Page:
Trump Boasts Tax Package ‘Essentially’ Repeals Health Law. That’s Not True.
The tax legislation kills the individual mandate, a key component of the Affordable Care Act, but many of it's parts remain in tact.
The Associated Fact Check:
Trump Says 'Obamacare' Is Repealed. It Isn't.
President Donald Trump has prematurely declared "Obamacare" dead and displayed a misunderstanding of where the money comes from to make the health law work. A look at his remarks Wednesday about the tax plan he will soon sign into law and its effect on President Barack Obama's health insurance overhaul. (Alonso-Zaldivar, 12/20)
The New York Times Fact Check:
Trump Falsely Claims To Have ‘Repealed Obamacare’
“When the individual mandate is being repealed, that means Obamacare is being repealed,” Mr. Trump said in a cabinet meeting. “We have essentially repealed Obamacare, and we will come up with something that will be much better. ”Mr. Trump’s suggestion that he kept two key campaign promises with one bill is not accurate. Effectively, the tax bill does repeal the individual mandate beginning in 2019. The mandate is a core component of the Affordable Care Act and fines people who do not have health insurance. But the tax bill leaves every other vital part of the current health care law intact. (Qiu, 12/20)
Trump: GOP Tax Bill 'Essentially' Repeals ObamaCare
Despite Trump’s claim, the tax bill does not repeal ObamaCare entirely. People will still be able to purchase insurance through individual marketplaces, Medicaid expansion is preserved and consumer protections remain in place. But health-care experts worry that without the mandate, premiums in the individual insurance market could spike, competition could decrease and more people will become uninsured. (Fabian, 12/20)
Trump Says Republican Tax Bill ‘Essentially’ Repeals Obamacare
Removing the individual mandate doesn’t undo other essential elements of Obamacare. The law still requires insurers to sell policies to sick people at the same prices as healthy people, and provides subsidies for low-income families to make health plans more affordable. Trump also boasted that he successfully downplayed the provision to avoid media coverage of the change. “We didn’t want to bring it up. I told people specifically ‘be quiet with the fake news media because I don’t want them talking too much about it,’” Trump said. “But now that it’s approved I can say: the individual mandate on health care, where you had to pay not to have insurance -- think of that one, you pay not to have insurance -- the individual mandate has been repealed.” (Epstein and Tozzi, 12/20)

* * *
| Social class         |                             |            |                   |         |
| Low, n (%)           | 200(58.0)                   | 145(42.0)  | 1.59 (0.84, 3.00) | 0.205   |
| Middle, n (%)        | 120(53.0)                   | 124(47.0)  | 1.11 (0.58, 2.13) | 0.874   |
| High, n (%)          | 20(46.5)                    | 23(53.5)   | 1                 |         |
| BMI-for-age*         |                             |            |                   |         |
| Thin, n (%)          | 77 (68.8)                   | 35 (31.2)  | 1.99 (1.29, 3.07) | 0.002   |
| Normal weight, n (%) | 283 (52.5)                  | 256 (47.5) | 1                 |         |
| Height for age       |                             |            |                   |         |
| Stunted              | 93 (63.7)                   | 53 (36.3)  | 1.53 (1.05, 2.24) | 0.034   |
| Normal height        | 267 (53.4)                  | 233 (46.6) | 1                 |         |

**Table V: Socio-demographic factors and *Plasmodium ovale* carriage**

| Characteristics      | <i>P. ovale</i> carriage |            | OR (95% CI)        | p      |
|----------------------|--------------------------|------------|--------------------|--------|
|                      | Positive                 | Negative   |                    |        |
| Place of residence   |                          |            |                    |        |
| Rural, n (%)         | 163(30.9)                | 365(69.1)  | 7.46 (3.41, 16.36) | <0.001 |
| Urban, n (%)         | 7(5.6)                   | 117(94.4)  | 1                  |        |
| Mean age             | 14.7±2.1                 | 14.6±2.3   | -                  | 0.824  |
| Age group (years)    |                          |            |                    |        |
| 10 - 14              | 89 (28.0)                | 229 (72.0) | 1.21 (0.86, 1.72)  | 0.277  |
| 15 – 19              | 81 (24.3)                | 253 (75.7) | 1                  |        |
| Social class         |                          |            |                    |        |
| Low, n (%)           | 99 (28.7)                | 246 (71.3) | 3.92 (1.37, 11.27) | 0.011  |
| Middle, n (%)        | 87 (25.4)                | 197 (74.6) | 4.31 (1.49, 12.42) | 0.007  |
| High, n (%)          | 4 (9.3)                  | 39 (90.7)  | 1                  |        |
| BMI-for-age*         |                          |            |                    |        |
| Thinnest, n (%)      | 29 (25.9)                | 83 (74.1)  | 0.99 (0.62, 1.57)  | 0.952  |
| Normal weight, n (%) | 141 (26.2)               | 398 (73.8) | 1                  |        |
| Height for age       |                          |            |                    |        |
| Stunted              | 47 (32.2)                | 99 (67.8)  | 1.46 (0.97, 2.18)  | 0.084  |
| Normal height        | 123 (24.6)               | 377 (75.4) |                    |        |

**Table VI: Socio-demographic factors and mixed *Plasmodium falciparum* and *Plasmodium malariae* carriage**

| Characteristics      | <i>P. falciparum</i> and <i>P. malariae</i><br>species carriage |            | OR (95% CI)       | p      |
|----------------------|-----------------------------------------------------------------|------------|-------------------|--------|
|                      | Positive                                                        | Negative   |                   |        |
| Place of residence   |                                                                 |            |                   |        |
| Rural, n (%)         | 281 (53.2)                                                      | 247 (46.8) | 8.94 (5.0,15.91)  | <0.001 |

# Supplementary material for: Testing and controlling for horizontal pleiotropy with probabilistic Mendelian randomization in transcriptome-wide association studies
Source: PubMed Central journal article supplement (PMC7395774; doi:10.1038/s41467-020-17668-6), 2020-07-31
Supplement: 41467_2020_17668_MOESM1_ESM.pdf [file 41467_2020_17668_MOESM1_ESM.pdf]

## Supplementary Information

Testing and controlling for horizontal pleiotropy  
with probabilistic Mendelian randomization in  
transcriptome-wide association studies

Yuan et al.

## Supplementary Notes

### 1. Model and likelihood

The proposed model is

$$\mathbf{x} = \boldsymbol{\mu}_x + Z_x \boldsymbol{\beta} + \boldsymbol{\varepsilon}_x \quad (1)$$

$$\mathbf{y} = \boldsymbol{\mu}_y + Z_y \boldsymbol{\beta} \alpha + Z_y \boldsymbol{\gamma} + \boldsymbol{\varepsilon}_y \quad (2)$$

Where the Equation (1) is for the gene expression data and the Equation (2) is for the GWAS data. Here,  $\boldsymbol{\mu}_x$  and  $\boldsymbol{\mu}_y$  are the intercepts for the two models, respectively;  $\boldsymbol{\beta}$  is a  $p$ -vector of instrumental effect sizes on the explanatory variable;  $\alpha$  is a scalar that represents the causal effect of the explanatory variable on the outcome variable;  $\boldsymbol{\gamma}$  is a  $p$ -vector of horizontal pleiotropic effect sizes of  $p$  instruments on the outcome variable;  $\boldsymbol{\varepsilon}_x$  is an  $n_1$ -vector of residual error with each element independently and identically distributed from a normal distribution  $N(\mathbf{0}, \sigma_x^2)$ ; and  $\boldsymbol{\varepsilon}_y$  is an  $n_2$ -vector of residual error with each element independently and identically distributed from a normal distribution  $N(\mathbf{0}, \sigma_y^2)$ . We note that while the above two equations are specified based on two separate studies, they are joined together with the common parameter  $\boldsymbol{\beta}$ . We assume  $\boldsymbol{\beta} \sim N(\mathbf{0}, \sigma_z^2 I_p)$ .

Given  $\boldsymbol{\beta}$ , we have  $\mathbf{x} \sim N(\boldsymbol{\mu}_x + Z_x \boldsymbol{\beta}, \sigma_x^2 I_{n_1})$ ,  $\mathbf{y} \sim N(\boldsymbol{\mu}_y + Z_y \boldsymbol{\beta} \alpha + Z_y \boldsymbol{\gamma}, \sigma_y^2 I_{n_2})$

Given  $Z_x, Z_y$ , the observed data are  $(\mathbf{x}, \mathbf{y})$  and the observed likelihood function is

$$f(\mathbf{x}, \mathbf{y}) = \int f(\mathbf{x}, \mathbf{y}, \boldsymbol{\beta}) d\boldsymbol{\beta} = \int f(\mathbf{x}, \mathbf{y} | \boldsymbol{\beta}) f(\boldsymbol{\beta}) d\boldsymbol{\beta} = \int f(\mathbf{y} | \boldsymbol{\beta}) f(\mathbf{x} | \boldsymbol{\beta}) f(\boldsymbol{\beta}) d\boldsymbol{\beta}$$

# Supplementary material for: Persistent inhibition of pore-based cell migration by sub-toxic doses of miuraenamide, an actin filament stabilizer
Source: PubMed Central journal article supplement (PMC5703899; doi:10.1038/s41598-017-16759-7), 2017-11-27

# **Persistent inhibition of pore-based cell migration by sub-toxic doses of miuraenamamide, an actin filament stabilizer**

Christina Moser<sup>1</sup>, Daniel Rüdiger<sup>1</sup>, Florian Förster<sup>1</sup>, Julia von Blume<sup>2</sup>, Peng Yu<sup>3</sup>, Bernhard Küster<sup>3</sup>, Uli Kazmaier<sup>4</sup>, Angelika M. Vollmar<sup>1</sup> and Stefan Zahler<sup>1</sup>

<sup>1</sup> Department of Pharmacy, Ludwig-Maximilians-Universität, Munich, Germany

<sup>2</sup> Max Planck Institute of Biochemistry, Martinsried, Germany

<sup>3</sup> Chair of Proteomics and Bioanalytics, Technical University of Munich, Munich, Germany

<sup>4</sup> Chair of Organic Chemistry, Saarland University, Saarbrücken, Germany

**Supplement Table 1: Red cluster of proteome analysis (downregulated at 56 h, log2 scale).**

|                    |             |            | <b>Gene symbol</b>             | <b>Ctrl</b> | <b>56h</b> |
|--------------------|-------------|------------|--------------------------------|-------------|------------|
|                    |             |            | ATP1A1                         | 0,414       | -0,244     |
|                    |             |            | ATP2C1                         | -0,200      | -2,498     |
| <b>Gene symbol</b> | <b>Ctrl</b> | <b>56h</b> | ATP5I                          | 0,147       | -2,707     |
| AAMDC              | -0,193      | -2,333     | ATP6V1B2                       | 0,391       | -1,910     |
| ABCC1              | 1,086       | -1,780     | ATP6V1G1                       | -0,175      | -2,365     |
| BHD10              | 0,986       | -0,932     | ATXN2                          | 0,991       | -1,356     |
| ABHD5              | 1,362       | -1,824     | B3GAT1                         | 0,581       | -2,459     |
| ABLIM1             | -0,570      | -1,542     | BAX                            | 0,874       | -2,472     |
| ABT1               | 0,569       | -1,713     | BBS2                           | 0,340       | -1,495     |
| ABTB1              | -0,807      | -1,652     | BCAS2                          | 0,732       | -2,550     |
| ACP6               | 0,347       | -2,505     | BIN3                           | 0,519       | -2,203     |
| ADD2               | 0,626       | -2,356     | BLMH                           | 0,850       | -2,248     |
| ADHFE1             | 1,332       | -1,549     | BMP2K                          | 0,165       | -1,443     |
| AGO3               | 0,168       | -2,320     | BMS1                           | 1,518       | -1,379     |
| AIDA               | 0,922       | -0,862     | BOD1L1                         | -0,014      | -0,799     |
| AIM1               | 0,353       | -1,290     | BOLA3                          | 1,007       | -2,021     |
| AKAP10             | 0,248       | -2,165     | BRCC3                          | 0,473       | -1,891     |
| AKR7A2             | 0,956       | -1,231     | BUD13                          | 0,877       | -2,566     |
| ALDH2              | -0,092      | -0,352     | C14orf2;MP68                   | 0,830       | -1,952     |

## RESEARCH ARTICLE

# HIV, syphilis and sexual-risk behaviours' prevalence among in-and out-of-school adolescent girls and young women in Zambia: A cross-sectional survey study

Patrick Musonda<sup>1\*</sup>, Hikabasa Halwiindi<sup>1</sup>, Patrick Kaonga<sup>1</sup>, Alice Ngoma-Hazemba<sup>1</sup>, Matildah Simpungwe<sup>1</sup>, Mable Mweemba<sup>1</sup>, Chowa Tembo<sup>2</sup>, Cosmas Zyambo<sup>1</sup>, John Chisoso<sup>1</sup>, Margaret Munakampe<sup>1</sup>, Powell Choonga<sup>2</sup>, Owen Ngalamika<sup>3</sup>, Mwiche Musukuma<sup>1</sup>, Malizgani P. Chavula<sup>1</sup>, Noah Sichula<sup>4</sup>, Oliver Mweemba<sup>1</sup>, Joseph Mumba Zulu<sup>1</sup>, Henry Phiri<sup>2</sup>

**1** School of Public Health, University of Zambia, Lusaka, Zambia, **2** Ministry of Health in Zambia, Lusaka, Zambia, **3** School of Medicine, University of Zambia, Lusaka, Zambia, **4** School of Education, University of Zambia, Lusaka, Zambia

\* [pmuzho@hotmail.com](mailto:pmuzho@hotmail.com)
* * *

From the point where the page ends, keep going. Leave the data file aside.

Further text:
Georgia Health News:
Major Pillar Of ACA Receives Death Blow From Lawmakers
The idea of compelling people to have health insurance has been the most unpopular part of the ACA, and Republicans have regularly attacked it. Yet ACA proponents have noted that the concept was originally floated by some conservatives, and it became law in Massachusetts under Republican Gov. Mitt Romney before it became part of the federal Obamacare legislation. The idea generally was to support the financial viability of the health care system by having more people insured. (Miller, 12/20)
Despite Action By Congress, Mass. Individual Mandate Remains
Massachusetts is largely shielded from a key provision of the sweeping tax bill approved by Congress on Wednesday, a measure that guts the requirement that Americans obtain health insurance or pay a penalty. This state has its own mandate that individuals sign up for insurance, which went into effect a decade ago. (Dayal McCluskey, 12/20)
Penalty For Skipping Insurance Will End But Could Mean More Uninsured
Tucked into the language of the newly-passed tax bill are a handful of words that could knock down a pillar of the Affordable Care Act, accomplishing in part what nearly eight years of political opposition and dozens of Congressional votes have failed to do. Starting in 2019, the penalty for failing to have health insurance is reduced to zero, which in essence eliminates the individual mandate of the law known as Obamacare, but does not repeal it. (Deam, 12/20)